Paleoaltimetry is the quantitative estimate of the surface height above mean sea level of ancient landforms. Atmospheric thermodynamic modeling of the behavior of 18O relative to 16O during condensation from water vapor establish the systematic relationship that exists between Δ(δ 18Op) and elevation, where Δ (δ18Op) is the difference between a low altitude, preferably sea level δ18Op and a potentially high elevation sample. Comparison of model predictions with observations suggests that the model captures the first-order behavior of δ18Op during condensation and precipitation in orographic settings. The actual relationship between Δ(δ 18Op) and elevation depends sensitively on climate, and specifically starting temperature and to a lesser degree relative humidity. Thermodynamic modeling allows the Δ(δ18Op) and elevation relationship to be explicitly calculated for any given starting climate state. This makes the theoretical approach significantly more appropriate than empirically calibrated approaches based typically on quite limited samples presently available in most orographic settings today.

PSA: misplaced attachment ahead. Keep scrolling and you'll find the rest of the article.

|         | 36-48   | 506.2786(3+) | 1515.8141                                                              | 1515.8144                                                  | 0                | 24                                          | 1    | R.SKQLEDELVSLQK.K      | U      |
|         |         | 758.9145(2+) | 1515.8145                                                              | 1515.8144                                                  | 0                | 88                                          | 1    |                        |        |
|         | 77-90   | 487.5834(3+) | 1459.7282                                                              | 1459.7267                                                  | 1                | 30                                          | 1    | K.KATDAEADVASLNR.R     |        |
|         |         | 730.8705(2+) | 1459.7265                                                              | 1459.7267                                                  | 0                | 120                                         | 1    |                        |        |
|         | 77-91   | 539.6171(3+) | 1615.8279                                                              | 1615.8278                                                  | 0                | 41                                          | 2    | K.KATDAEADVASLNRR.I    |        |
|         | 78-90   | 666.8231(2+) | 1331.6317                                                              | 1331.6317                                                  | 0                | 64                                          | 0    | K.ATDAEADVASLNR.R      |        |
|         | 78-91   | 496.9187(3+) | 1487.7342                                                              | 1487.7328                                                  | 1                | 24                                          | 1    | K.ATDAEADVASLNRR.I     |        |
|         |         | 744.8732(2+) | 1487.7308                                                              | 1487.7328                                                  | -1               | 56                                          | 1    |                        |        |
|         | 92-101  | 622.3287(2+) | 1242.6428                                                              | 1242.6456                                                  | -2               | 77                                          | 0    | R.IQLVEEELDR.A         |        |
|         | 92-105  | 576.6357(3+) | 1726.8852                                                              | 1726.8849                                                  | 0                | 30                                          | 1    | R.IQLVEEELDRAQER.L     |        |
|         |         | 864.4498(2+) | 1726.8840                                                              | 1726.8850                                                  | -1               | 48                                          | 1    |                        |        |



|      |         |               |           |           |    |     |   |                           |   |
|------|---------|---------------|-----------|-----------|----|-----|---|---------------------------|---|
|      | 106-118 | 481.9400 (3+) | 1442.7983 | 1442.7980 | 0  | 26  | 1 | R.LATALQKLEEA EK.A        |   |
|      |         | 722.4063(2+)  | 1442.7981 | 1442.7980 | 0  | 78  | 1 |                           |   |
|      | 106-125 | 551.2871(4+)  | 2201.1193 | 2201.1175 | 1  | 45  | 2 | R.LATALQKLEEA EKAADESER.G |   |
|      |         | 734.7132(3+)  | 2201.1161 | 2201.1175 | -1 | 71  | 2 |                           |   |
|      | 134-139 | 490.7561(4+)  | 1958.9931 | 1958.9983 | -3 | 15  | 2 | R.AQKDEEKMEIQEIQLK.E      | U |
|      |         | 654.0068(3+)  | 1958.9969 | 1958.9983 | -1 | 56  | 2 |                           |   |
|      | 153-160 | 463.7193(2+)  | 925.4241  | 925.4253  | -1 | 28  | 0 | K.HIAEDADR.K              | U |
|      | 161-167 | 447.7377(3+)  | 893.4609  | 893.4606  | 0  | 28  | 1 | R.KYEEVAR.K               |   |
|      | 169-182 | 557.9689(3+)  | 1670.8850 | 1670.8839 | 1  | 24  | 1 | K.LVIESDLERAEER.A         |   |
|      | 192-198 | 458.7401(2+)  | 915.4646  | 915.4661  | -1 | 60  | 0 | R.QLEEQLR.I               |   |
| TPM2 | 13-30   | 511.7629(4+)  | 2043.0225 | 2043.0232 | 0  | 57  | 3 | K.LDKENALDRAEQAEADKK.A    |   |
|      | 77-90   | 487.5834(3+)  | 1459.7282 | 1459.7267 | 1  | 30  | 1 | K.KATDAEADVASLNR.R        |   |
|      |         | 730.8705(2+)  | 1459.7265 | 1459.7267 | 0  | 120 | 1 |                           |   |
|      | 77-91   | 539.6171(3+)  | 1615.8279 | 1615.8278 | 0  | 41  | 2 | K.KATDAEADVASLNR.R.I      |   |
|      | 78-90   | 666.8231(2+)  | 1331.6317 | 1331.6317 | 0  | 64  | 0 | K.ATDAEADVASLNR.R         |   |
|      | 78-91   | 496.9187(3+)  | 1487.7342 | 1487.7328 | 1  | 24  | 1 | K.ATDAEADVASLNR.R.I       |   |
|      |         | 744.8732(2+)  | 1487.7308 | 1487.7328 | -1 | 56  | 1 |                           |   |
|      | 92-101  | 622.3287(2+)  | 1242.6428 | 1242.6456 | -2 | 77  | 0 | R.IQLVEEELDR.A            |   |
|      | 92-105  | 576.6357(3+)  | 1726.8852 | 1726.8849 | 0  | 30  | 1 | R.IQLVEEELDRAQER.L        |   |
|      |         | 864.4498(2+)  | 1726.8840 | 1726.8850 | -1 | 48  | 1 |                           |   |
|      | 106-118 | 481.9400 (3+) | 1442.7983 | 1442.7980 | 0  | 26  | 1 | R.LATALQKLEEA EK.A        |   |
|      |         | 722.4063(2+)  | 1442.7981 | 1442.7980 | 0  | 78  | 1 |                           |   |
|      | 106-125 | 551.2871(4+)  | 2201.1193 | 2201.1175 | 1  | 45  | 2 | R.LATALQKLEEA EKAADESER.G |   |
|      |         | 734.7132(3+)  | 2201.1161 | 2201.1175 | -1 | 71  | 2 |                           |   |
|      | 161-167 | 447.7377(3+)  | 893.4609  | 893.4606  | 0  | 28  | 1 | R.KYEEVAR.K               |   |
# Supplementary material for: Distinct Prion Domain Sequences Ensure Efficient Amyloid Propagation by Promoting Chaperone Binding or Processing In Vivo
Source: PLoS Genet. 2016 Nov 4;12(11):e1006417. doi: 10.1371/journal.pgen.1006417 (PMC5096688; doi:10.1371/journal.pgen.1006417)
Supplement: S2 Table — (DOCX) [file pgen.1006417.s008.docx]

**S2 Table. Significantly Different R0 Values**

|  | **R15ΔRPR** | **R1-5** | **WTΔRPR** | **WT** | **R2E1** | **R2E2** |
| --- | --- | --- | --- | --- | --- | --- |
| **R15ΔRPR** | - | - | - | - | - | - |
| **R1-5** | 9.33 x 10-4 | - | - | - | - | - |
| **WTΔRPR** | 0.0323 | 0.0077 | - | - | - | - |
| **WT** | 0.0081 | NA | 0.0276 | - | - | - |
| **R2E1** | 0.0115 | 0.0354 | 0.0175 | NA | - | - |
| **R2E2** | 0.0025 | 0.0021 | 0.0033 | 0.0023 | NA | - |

Paleoaltimetry archives derive their isotopic compositions from surface and or ground water, and hence it is important to understand the systematic differences between these reservoirs and precipitation. Surface waters and ground waters integrate not just the change in isotopic composition with altitude, but also variations in hypsometry within the drainage basin and precipitation amount as functions of elevation. Thus these archives should reflect the precipitation amount weighted hypsometric mean elevation of the (paleo)-drainage basin from which they derive their waters. Analysis of modern data from the Himalayan region supports this expectation. Foreland basin rivers are such integrators and it is shown, using an example from the Siwaliks that the rivers draining the front of the Himalayas in the past had isotopic compositions comparable with modern rivers draining the Himalayan front suggesting little net change in Himalayan hypsometry over the past 11 million years.